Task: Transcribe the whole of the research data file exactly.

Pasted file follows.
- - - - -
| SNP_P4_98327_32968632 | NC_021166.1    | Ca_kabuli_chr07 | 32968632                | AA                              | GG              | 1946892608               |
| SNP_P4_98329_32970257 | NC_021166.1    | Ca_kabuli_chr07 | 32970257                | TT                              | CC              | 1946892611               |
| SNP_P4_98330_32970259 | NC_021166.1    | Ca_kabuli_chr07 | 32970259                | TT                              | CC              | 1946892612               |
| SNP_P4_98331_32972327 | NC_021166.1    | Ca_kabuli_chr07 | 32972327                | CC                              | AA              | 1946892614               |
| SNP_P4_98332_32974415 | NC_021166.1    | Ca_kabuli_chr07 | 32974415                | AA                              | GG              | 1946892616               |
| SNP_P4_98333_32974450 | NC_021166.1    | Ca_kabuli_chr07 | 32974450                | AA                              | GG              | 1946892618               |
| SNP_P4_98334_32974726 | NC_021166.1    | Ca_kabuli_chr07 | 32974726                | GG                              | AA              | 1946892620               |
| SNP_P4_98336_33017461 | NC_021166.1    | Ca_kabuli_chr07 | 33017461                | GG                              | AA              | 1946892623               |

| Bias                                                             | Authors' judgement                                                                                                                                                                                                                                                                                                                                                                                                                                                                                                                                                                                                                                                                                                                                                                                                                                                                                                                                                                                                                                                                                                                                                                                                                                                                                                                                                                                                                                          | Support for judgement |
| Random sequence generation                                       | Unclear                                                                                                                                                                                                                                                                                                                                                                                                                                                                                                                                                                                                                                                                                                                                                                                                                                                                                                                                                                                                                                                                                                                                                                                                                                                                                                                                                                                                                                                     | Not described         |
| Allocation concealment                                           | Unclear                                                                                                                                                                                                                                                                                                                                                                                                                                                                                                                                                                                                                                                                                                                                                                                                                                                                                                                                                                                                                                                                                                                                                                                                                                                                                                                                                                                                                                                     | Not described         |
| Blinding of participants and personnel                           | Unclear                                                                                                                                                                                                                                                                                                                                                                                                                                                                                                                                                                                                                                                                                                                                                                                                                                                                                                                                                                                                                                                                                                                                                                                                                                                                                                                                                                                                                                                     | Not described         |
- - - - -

| SNP_P4_98327_32968632 | NC_021166.1    | Ca_kabuli_chr07 | 32968632                | AA                              | GG              | 1946892608               |
| SNP_P4_98329_32970257 | NC_021166.1    | Ca_kabuli_chr07 | 32970257                | TT                              | CC              | 1946892611               |
| SNP_P4_98330_32970259 | NC_021166.1    | Ca_kabuli_chr07 | 32970259                | TT                              | CC              | 1946892612               |
| SNP_P4_98331_32972327 | NC_021166.1    | Ca_kabuli_chr07 | 32972327                | CC                              | AA              | 1946892614               |
| SNP_P4_98332_32974415 | NC_021166.1    | Ca_kabuli_chr07 | 32974415                | AA                              | GG              | 1946892616               |
| SNP_P4_98333_32974450 | NC_021166.1    | Ca_kabuli_chr07 | 32974450                | AA                              | GG              | 1946892618               |
| SNP_P4_98334_32974726 | NC_021166.1    | Ca_kabuli_chr07 | 32974726                | GG                              | AA              | 1946892620               |
| SNP_P4_98336_33017461 | NC_021166.1    | Ca_kabuli_chr07 | 33017461                | GG                              | AA              | 1946892623               |

| Bias                                                             | Authors' judgement                                                                                                                                                                                                                                                                                                                                                                                                                                                                                                                                                                                                                                                                                                                                                                                                                                                                                                                                                                                                                                                                                                                                                                                                                                                                                                                                                                                                                                          | Support for judgement |
| Random sequence generation                                       | Unclear                                                                                                                                                                                                                                                                                                                                                                                                                                                                                                                                                                                                                                                                                                                                                                                                                                                                                                                                                                                                                                                                                                                                                                                                                                                                                                                                                                                                                                                     | Not described         |
| Allocation concealment                                           | Unclear                                                                                                                                                                                                                                                                                                                                                                                                                                                                                                                                                                                                                                                                                                                                                                                                                                                                                                                                                                                                                                                                                                                                                                                                                                                                                                                                                                                                                                                     | Not described         |
| Blinding of participants and personnel                           | Unclear                                                                                                                                                                                                                                                                                                                                                                                                                                                                                                                                                                                                                                                                                                                                                                                                                                                                                                                                                                                                                                                                                                                                                                                                                                                                                                                                                                                                                                                     | Not described         |